Rare Sarcomas

Soft tissue sarcomas grow out of mesenchymal cells, which are stem cells that develop into different types of soft tissue such as fat, muscle, lymph and blood vessels, and nerves. They also can develop into extraskeletal tumours, which are made up of bone and cartilage.

Some sarcomas are of an uncertain tissue type. These include alveolar soft-tissue, clear cell, desmoplastic small round cell tumour, epithelioid, extraskeletal myxoid chondrosarcoma, primitive neuroectodermal tumour (PNET), extraskeletal Ewing tumour, malignant mesenchymoma, malignant perivascular epithelioid cell tumour (PEComa), spindle cell tumour, and synovial tissue.[1] These tumours are rare, but some even rarer types (ex. rhabdomyosarcoma) exist and affect children.

Sarcomas occur at any age, but most commonly in people older than 65 years. There are no genetic links to these tumours; however, there are some risk factors:

  • Previous radiotherapy treatment for unrelated cancers, though this is a very small risk.
  • Exposure to certain chemicals, such as vinyl chloride used for plastics, weed killers, and dioxins.
  • Certain physical conditions, including neurofibromatosis, Gardner’s syndrome, Li-Fraumeni syndrome, and retinoblastoma.[2]

The appearance of symptoms is somewhat uncommon for this type of cancer. They do not manifest themselves for a long period of time and when they do, symptoms will depend on the site affected. For example, if the sarcoma is in a limb (arm or leg), the most common symptom is a swelling of the area that may or may not be painful. If the sarcoma grows in one of the internal organs in the abdomen, it could cause abdominal pain, nausea, vomiting, and constipation with bloody stools. If it is in the uterus, the tumour might cause bleeding and pain in the lower part of the abdomen. If the lung is affected, the tumour may cause coughing and shortness of breath.[3]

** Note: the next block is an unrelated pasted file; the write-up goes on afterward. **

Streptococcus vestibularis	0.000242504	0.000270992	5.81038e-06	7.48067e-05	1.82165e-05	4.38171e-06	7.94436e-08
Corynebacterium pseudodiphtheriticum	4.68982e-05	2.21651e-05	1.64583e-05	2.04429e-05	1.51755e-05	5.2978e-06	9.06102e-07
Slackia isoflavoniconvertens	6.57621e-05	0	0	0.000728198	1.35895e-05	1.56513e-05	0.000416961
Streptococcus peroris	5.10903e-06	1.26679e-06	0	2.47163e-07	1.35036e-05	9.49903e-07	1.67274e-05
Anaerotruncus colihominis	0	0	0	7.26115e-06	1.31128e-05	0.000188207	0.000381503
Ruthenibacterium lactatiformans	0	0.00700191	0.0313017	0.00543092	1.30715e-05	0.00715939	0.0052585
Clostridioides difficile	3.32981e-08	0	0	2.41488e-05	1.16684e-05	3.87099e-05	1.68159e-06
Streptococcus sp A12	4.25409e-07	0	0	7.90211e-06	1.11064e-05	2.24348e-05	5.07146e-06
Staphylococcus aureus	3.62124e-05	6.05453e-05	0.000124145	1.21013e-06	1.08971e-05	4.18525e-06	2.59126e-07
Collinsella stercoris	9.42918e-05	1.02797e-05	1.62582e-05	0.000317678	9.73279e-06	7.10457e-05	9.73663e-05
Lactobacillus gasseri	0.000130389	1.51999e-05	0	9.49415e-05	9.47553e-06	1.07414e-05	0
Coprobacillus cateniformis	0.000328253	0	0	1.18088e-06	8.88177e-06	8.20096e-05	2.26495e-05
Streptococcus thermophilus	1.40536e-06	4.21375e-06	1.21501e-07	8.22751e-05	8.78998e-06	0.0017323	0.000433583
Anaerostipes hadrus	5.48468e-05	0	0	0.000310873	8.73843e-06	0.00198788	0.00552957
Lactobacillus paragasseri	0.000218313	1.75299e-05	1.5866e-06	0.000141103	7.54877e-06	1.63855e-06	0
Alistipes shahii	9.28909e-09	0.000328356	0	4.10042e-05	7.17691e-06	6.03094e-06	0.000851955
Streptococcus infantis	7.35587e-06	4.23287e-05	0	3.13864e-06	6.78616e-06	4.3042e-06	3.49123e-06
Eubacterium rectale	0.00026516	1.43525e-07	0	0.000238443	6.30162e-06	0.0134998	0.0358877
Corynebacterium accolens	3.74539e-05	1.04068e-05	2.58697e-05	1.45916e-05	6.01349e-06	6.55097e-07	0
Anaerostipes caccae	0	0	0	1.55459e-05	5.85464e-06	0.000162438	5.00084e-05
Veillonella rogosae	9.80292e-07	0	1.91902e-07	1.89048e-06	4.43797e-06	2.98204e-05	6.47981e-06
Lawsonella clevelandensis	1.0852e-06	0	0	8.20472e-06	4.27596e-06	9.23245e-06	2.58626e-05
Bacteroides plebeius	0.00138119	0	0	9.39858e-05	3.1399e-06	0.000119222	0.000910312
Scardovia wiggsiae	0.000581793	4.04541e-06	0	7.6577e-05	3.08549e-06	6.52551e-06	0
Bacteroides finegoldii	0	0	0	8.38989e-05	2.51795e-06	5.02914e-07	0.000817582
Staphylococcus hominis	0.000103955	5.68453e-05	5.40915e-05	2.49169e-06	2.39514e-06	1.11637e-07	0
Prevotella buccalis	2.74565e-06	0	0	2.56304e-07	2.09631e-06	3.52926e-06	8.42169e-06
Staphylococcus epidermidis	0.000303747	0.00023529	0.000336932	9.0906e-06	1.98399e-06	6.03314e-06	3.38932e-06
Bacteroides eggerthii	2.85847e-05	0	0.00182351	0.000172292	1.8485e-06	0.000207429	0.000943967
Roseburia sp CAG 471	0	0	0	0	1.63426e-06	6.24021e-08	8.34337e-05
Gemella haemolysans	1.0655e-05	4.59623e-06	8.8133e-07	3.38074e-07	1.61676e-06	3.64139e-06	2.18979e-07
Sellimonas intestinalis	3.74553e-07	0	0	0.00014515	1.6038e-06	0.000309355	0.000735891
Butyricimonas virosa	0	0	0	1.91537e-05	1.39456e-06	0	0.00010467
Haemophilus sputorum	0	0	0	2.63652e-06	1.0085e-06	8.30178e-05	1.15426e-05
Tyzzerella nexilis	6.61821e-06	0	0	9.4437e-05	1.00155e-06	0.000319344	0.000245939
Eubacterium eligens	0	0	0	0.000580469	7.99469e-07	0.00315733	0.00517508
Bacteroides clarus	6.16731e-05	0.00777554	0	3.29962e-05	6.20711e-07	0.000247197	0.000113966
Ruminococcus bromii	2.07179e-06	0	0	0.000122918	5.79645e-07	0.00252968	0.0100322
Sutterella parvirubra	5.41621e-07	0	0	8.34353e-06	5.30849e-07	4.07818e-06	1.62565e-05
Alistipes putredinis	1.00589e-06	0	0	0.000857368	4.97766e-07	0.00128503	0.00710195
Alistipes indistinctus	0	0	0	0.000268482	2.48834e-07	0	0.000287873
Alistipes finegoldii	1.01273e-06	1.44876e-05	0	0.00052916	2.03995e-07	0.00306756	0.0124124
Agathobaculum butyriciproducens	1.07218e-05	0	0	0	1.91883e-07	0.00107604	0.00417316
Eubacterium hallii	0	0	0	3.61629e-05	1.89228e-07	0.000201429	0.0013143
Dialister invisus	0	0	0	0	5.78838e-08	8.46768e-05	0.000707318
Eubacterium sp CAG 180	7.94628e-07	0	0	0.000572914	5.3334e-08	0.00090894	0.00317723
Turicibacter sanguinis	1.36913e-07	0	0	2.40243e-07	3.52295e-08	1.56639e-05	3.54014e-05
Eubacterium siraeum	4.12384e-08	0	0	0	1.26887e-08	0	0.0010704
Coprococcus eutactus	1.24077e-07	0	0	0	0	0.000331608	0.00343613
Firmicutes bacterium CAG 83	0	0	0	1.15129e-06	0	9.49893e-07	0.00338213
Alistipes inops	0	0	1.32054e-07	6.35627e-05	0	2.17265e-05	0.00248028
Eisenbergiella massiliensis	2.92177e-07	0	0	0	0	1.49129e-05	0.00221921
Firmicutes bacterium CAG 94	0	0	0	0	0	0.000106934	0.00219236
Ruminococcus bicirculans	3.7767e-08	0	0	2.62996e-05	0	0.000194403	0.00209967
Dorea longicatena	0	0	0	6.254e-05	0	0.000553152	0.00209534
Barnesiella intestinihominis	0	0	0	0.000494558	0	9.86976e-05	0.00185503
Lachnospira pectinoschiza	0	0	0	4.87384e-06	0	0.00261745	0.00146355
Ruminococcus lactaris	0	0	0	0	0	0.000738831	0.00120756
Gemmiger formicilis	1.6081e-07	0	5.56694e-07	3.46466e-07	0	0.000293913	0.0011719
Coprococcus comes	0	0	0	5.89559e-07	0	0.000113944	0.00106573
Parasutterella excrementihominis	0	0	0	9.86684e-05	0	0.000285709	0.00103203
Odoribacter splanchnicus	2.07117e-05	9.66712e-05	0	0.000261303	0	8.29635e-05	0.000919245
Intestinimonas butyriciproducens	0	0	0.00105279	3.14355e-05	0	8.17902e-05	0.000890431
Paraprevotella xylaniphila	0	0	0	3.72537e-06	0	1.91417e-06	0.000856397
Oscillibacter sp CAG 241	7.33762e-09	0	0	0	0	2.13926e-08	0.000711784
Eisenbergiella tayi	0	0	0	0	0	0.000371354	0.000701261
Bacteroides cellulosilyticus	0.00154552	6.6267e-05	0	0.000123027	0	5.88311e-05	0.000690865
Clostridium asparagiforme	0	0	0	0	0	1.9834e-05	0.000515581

Usually, the tumour will be discovered when it is large enough to begin pressing on the affected organ. In the case of bone and cartilage, there are tumours that are also called sarcomas, but they are treated differently from soft tissue sarcomas. Kaposi sarcoma, also called human herpes virus 8, is a rare sarcoma that is associated with HIV infection. It usually affects the skin and shows up as red patches of abnormal tissue.

In order to diagnose a possible sarcoma, the physician will first take a medical history and conduct a physical exam. If sarcoma is suspected, X-rays, ultrasound, CT scans, MRI, and a biopsy can be performed.

Once a cancer diagnosis is confirmed, sarcomas are staged according to how much they have spread. A tumour that is confined to the region where it started has a low stage level. As it spreads to the local lymph nodes and adjacent tissues and organs, the stage level increases.[4]

Treatment for this disease usually involves surgery followed by chemotherapy, radiation therapy, and targeted therapy.[5]


[1] http://www.cancer.ca/en/cancer-information/cancer-type/soft-tissue-sarcoma/soft-tissue-sarcoma/types-of-soft-tissue-sarcoma/?region=on

[2] https://www.macmillan.org.uk/information-and-support/soft-tissue-sarcomas/diagnosing/causes-and-risk-factors

[3] https://www.macmillan.org.uk/information-and-support/soft-tissue-sarcomas/understanding-cancer/symptoms.html

[4] https://www.cancer.org/cancer/soft-tissue-sarcoma/detection-diagnosis-staging/staging.html

[5] http://be.macmillan.org.uk/Downloads/CancerInformation/CancerTypes/MAC11654soft-tissue-sarcomas-lowrespdfE09ALM20170814.pdf